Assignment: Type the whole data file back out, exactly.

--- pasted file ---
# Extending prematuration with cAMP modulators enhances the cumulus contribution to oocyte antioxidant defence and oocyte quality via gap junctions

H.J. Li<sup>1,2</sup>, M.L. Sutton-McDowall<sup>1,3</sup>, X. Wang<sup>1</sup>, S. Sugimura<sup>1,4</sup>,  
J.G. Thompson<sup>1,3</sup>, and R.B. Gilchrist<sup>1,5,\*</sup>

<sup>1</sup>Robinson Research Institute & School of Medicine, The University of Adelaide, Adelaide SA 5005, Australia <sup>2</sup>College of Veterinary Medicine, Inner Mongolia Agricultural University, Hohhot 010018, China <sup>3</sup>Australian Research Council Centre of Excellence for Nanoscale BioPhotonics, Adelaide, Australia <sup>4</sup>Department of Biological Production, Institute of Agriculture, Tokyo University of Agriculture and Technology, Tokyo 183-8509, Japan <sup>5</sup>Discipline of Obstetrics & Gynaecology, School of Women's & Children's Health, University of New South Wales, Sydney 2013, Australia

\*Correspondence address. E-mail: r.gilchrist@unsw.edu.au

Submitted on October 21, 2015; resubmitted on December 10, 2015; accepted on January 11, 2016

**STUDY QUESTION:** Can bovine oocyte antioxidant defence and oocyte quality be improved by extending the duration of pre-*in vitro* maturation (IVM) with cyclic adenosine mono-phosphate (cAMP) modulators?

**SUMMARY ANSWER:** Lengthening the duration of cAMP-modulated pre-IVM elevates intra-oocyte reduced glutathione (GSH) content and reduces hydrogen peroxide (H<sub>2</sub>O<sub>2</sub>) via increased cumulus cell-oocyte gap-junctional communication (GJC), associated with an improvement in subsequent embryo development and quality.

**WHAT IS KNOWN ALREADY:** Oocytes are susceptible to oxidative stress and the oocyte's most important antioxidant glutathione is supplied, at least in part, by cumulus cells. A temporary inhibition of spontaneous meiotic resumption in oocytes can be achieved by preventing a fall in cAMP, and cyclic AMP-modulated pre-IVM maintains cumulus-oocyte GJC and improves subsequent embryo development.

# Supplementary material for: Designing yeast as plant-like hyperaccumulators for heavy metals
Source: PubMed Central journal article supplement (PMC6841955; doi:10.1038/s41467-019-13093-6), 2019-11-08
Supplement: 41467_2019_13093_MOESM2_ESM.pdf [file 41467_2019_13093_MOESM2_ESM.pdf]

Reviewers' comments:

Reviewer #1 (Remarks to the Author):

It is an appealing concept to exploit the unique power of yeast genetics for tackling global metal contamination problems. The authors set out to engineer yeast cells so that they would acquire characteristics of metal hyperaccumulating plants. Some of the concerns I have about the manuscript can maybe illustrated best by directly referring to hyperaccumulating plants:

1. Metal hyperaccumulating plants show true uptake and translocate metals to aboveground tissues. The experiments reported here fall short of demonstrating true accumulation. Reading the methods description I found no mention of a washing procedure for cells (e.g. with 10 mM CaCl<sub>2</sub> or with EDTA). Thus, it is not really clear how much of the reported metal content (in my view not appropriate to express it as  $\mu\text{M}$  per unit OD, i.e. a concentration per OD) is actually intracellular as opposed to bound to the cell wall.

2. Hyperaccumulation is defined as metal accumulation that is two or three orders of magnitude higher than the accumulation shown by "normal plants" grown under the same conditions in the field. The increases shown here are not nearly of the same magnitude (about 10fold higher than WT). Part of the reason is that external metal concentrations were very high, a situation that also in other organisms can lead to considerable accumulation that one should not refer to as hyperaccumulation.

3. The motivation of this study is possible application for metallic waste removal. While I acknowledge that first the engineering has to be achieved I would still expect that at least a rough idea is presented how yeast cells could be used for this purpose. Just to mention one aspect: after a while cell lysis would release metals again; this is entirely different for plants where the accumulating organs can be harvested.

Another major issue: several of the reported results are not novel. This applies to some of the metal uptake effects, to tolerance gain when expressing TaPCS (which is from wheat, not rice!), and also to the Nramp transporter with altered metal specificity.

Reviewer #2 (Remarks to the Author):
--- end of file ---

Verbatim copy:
# Extending prematuration with cAMP modulators enhances the cumulus contribution to oocyte antioxidant defence and oocyte quality via gap junctions

H.J. Li<sup>1,2</sup>, M.L. Sutton-McDowall<sup>1,3</sup>, X. Wang<sup>1</sup>, S. Sugimura<sup>1,4</sup>,  
J.G. Thompson<sup>1,3</sup>, and R.B. Gilchrist<sup>1,5,\*</sup>

<sup>1</sup>Robinson Research Institute & School of Medicine, The University of Adelaide, Adelaide SA 5005, Australia <sup>2</sup>College of Veterinary Medicine, Inner Mongolia Agricultural University, Hohhot 010018, China <sup>3</sup>Australian Research Council Centre of Excellence for Nanoscale BioPhotonics, Adelaide, Australia <sup>4</sup>Department of Biological Production, Institute of Agriculture, Tokyo University of Agriculture and Technology, Tokyo 183-8509, Japan <sup>5</sup>Discipline of Obstetrics & Gynaecology, School of Women's & Children's Health, University of New South Wales, Sydney 2013, Australia

\*Correspondence address. E-mail: r.gilchrist@unsw.edu.au

Submitted on October 21, 2015; resubmitted on December 10, 2015; accepted on January 11, 2016

**STUDY QUESTION:** Can bovine oocyte antioxidant defence and oocyte quality be improved by extending the duration of pre-*in vitro* maturation (IVM) with cyclic adenosine mono-phosphate (cAMP) modulators?

**SUMMARY ANSWER:** Lengthening the duration of cAMP-modulated pre-IVM elevates intra-oocyte reduced glutathione (GSH) content and reduces hydrogen peroxide (H<sub>2</sub>O<sub>2</sub>) via increased cumulus cell-oocyte gap-junctional communication (GJC), associated with an improvement in subsequent embryo development and quality.

**WHAT IS KNOWN ALREADY:** Oocytes are susceptible to oxidative stress and the oocyte's most important antioxidant glutathione is supplied, at least in part, by cumulus cells. A temporary inhibition of spontaneous meiotic resumption in oocytes can be achieved by preventing a fall in cAMP, and cyclic AMP-modulated pre-IVM maintains cumulus-oocyte GJC and improves subsequent embryo development.

# Supplementary material for: Designing yeast as plant-like hyperaccumulators for heavy metals
Source: PubMed Central journal article supplement (PMC6841955; doi:10.1038/s41467-019-13093-6), 2019-11-08
Supplement: 41467_2019_13093_MOESM2_ESM.pdf [file 41467_2019_13093_MOESM2_ESM.pdf]

Reviewers' comments:

Reviewer #1 (Remarks to the Author):

It is an appealing concept to exploit the unique power of yeast genetics for tackling global metal contamination problems. The authors set out to engineer yeast cells so that they would acquire characteristics of metal hyperaccumulating plants. Some of the concerns I have about the manuscript can maybe illustrated best by directly referring to hyperaccumulating plants:

1. Metal hyperaccumulating plants show true uptake and translocate metals to aboveground tissues. The experiments reported here fall short of demonstrating true accumulation. Reading the methods description I found no mention of a washing procedure for cells (e.g. with 10 mM CaCl<sub>2</sub> or with EDTA). Thus, it is not really clear how much of the reported metal content (in my view not appropriate to express it as  $\mu\text{M}$  per unit OD, i.e. a concentration per OD) is actually intracellular as opposed to bound to the cell wall.

2. Hyperaccumulation is defined as metal accumulation that is two or three orders of magnitude higher than the accumulation shown by "normal plants" grown under the same conditions in the field. The increases shown here are not nearly of the same magnitude (about 10fold higher than WT). Part of the reason is that external metal concentrations were very high, a situation that also in other organisms can lead to considerable accumulation that one should not refer to as hyperaccumulation.

3. The motivation of this study is possible application for metallic waste removal. While I acknowledge that first the engineering has to be achieved I would still expect that at least a rough idea is presented how yeast cells could be used for this purpose. Just to mention one aspect: after a while cell lysis would release metals again; this is entirely different for plants where the accumulating organs can be harvested.

Another major issue: several of the reported results are not novel. This applies to some of the metal uptake effects, to tolerance gain when expressing TaPCS (which is from wheat, not rice!), and also to the Nramp transporter with altered metal specificity.

Reviewer #2 (Remarks to the Author):